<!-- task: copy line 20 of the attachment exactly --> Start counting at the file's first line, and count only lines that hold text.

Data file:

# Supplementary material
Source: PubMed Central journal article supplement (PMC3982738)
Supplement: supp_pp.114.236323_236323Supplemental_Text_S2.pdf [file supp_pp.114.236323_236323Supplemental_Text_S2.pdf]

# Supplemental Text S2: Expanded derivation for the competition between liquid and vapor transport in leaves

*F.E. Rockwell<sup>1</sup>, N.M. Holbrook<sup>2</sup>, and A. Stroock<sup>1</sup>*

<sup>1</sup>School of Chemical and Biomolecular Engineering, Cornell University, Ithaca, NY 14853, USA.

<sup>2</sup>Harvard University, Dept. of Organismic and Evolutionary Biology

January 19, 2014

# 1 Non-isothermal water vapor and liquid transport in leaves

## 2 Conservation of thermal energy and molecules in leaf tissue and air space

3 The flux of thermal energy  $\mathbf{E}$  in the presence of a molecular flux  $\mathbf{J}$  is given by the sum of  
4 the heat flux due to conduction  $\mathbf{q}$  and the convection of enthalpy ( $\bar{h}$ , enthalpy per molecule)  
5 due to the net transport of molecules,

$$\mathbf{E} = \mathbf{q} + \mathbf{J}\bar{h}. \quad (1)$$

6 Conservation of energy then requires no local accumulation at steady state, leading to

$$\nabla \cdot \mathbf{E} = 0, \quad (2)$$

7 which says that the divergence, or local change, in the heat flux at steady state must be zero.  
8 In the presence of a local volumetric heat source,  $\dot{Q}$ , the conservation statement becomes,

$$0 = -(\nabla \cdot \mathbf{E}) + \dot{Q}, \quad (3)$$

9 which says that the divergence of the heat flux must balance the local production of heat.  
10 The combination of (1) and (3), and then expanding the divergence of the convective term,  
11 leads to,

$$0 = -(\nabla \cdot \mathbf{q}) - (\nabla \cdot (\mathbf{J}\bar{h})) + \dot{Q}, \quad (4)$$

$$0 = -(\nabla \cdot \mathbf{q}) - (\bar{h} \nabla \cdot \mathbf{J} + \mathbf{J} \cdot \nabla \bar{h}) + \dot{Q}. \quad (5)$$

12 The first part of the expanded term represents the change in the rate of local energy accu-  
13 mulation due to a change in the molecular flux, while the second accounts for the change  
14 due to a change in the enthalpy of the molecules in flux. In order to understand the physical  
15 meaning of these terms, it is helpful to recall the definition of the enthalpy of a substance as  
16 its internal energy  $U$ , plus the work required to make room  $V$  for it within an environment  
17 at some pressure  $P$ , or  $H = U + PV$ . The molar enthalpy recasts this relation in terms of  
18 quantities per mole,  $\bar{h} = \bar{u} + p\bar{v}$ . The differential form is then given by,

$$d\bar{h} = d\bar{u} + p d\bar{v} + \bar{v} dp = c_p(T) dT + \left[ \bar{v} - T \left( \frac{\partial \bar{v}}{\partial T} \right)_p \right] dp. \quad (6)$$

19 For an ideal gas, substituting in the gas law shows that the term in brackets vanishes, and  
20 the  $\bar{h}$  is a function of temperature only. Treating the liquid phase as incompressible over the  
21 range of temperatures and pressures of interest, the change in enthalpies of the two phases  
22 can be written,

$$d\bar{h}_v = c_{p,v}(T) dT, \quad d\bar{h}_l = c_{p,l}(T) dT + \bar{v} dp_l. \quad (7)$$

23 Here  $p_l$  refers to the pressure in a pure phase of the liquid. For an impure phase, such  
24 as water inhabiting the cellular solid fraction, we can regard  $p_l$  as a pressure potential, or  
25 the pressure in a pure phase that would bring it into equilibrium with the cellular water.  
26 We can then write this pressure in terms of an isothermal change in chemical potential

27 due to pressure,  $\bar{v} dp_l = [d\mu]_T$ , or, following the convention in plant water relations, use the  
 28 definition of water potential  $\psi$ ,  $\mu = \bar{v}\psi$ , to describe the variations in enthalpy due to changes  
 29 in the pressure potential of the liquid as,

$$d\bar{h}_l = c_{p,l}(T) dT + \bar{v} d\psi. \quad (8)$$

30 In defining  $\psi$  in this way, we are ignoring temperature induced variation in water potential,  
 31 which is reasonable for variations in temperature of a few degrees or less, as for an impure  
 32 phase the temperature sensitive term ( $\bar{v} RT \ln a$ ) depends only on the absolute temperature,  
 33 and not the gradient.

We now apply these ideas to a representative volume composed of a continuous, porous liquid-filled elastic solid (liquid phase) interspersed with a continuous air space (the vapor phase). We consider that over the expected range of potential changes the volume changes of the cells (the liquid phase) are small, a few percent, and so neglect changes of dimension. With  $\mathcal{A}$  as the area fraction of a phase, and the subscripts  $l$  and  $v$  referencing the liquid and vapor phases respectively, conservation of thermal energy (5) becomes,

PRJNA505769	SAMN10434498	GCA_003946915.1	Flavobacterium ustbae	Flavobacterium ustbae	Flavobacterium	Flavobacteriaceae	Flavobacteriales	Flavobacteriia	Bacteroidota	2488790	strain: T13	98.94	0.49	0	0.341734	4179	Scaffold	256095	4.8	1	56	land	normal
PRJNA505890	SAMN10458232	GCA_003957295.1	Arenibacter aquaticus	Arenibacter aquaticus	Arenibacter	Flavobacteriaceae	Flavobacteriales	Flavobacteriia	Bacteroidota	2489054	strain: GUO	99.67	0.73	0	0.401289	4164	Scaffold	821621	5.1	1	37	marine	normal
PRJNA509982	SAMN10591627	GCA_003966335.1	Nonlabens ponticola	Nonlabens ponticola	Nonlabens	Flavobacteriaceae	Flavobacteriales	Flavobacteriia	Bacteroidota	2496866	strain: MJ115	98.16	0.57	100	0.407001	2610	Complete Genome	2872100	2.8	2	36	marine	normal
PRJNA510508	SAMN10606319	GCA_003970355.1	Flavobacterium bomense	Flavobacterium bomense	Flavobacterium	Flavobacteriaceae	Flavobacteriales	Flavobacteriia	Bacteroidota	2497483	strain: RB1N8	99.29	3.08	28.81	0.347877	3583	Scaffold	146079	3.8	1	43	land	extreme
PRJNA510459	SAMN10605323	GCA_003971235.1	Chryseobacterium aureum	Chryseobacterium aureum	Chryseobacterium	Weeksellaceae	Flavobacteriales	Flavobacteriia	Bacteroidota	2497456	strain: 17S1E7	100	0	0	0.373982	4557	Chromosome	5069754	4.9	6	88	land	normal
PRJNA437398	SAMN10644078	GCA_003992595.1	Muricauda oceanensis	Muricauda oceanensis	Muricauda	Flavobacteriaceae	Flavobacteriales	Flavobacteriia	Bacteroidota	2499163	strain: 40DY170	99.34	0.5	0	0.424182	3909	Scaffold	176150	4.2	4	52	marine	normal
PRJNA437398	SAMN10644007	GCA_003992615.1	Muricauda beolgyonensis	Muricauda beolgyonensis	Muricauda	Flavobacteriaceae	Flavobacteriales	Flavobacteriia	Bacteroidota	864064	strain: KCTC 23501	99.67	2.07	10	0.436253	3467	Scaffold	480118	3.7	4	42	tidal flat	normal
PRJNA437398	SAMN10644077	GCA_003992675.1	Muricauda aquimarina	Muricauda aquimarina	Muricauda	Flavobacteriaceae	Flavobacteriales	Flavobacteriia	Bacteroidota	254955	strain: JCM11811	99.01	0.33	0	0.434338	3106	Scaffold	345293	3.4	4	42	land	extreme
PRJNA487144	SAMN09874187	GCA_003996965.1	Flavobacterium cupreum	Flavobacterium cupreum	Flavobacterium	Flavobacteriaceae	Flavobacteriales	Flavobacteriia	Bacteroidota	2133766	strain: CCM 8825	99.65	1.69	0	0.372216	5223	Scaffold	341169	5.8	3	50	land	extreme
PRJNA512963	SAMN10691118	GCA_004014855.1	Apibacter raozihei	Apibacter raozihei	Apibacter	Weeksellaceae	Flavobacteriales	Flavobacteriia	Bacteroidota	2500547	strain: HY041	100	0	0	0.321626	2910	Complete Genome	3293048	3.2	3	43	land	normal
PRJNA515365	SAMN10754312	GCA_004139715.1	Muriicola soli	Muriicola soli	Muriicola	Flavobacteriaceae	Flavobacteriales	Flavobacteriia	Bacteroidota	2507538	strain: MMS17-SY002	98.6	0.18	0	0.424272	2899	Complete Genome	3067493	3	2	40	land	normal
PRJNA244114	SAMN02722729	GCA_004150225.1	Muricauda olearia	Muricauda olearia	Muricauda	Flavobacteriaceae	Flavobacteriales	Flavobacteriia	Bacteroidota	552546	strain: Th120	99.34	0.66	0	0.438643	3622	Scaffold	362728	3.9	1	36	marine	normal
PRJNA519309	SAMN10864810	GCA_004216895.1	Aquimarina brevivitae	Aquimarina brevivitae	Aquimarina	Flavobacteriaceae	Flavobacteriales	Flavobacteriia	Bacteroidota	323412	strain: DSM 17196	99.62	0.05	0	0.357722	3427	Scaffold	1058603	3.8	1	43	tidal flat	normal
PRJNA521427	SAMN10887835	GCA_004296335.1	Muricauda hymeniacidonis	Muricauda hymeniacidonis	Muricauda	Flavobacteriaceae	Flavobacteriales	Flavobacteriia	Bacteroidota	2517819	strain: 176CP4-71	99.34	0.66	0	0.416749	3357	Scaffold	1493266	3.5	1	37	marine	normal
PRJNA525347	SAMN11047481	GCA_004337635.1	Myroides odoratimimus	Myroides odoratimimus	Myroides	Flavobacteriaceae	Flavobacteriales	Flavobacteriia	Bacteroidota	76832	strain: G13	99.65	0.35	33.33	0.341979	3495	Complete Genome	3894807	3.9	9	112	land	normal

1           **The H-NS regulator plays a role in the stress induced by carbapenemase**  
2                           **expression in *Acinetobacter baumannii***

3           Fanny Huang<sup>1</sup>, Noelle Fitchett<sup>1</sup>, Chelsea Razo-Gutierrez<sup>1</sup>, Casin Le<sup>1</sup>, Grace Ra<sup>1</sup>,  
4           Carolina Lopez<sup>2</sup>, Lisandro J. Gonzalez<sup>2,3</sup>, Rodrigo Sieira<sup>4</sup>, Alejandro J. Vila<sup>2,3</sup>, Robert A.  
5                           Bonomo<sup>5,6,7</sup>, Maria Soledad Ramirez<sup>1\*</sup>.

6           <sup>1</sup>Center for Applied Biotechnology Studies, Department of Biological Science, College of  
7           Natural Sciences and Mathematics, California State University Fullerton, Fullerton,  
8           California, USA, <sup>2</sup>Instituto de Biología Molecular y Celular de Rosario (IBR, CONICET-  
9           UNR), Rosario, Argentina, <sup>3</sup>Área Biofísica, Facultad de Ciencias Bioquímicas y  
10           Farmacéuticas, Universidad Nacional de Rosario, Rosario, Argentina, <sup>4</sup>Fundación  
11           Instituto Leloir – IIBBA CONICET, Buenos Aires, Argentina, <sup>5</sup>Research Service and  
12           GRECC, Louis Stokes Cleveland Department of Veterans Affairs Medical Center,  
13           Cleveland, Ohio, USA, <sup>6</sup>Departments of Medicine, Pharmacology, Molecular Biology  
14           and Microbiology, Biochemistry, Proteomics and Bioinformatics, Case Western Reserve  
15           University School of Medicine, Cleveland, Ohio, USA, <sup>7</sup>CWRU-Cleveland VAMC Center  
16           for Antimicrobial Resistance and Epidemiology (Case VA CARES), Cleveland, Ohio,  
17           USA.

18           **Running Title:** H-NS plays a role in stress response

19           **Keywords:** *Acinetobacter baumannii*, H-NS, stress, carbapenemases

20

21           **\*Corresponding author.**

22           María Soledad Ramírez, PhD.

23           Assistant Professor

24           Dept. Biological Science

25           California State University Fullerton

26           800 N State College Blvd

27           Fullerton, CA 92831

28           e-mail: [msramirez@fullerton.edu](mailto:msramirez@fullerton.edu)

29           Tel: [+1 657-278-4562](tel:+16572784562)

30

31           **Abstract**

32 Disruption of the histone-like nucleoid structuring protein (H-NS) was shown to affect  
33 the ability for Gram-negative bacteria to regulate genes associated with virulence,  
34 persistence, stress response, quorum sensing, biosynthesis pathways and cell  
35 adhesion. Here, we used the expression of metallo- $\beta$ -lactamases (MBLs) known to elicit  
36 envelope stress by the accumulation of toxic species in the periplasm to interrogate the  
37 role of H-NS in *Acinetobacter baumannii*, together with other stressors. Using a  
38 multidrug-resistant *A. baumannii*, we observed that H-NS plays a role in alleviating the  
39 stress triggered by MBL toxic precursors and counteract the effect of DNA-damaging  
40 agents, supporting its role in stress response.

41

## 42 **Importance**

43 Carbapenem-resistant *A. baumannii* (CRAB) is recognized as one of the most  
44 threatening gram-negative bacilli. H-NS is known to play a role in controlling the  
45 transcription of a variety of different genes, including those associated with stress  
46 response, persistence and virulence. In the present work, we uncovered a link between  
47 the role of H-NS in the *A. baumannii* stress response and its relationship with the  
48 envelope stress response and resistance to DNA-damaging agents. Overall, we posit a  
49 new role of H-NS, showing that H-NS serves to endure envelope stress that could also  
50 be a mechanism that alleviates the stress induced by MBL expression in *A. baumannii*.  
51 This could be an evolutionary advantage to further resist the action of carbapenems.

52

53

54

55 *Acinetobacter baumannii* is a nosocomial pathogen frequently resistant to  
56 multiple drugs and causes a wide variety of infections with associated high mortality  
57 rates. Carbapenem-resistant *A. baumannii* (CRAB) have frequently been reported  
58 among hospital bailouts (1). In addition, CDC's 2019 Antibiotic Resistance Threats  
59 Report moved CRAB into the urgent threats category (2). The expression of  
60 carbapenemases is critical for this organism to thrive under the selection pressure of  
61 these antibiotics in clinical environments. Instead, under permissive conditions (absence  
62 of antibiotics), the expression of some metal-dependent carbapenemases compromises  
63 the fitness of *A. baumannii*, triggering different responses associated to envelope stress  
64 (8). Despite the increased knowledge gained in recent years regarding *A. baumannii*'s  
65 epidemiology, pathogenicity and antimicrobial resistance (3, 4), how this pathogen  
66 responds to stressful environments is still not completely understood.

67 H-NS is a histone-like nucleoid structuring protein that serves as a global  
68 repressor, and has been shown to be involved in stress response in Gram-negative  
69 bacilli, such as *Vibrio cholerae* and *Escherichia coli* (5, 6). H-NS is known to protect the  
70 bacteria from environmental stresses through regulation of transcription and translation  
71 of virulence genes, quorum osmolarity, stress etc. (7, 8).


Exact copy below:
9 which says that the divergence of the heat flux must balance the local production of heat.  